If you love fireworks - the common denominator of all PGI members – then the PGI is the organization for you.
Since its founding in 1969, the PGI has been dedicated to helping you do whatever you love and want to do in fireworks, legally and safely. Whether that is enjoying consumer fireworks with family and friends, becoming a fireworks display operator, learning how fireworks are made, photographing fireworks displays, collecting pyro memorabilia – or all those things and everything in between - there are PGI members that share those same passions. Here are just some of the ways the PGI and its members help carry out that mission:
The PGI holds a week-long event held in early August, in a variety of US locations. It’s been said that it’s the most fun you can have in a week with fireworks – just watch the trailer video above. This year's convention will be held in Brainerd, Minnesota. Learn more about the PGI Convention.
The PGI Bulletin: The PGI publishes a quality periodical five times per year with articles covering a range of fireworks related topics, as well as the current activities of the PGI.
The PGI Anthology Volumes I & II: The best of the PGI articles published over that last 35+ years have been assembled in Anthologies. Together they contain over 800 pages of technical and how-to information about making and displaying fireworks.
Display Fireworks Operators Certification Study Guide: Used in the PGI Display Operators training course presented at PGI conventions and around the US. The 2019 edition contains over 300 pages of information and is consistent with NFPA-2018 code.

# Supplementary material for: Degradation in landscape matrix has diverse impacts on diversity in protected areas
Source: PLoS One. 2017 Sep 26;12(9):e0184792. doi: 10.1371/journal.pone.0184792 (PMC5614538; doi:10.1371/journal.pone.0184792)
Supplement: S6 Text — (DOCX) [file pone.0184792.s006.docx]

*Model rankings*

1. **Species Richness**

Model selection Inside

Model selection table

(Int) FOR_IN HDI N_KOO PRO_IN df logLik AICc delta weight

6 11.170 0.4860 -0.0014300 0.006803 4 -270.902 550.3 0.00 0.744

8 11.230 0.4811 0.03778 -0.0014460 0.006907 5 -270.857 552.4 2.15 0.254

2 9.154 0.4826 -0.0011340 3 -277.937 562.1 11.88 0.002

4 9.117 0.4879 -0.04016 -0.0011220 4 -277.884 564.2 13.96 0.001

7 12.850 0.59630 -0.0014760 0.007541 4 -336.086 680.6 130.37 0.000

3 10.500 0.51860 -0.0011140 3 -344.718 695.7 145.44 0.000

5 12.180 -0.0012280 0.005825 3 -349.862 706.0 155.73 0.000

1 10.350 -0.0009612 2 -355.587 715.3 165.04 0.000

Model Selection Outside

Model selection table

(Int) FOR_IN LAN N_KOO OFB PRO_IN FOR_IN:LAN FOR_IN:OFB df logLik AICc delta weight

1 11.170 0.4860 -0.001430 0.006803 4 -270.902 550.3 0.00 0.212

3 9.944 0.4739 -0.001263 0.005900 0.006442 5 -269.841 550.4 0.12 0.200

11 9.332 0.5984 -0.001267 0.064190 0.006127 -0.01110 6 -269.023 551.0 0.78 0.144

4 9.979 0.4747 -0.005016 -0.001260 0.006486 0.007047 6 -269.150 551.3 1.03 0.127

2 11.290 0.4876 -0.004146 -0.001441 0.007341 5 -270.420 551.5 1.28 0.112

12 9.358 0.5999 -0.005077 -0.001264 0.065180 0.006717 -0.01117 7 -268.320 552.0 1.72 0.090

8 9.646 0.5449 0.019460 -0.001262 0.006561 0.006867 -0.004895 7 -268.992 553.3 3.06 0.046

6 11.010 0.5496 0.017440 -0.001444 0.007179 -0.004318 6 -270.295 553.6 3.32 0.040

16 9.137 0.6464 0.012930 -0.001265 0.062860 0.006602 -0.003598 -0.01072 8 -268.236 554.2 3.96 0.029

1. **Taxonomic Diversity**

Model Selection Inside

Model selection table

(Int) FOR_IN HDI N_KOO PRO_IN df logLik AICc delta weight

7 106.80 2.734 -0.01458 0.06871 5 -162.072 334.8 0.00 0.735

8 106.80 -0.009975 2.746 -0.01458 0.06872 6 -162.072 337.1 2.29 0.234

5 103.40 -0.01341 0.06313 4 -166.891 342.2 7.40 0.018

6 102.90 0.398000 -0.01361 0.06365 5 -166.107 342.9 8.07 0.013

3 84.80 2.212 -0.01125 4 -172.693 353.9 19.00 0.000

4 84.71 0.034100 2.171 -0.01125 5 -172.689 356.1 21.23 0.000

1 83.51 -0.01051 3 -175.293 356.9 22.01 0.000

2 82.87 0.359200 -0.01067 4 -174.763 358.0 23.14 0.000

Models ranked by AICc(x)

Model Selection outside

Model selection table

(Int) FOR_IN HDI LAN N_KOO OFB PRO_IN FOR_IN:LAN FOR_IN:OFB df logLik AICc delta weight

The PGI's Display Operator's Course has gained national recognition is one of only two training programs recognized by the National Fire Protection Agency (NFPA). In NFPA-101, it states that fire marshals should look to see that operators have completed a nationally recognized training program, such as those developed by APA and PGI.
In addition, the annual PGI Convention has a week long schedule of seminars and classes covering all aspects of fireworks.
The PGI is there to represent the little guy, the hobbyist.
The PGI works 52 weeks per year and is the only organization representing the fireworks hobbyist to regulatory agencies, trade associations including the American Pyrotechnic Association (APA) and the National Fireworks Association (NFA).
The PGI’s NFPA Regulatory/Industry Representatives hold Principal Member seats (votes) on two key NFPA technical committees, outdoor displays and special effects that write NFPA codes: 1122, 1123, 1124, 1125, 1126, 1127, 160.
The PGI has worked with the ATF on several variances useful to the hobbyist and regularly conducts trainings for fire marshals and bomb squads around the country.
As a member of the PGI you will become part of a worldwide network of pyros dedicated to sharing their passion and knowledge of all things fireworks related.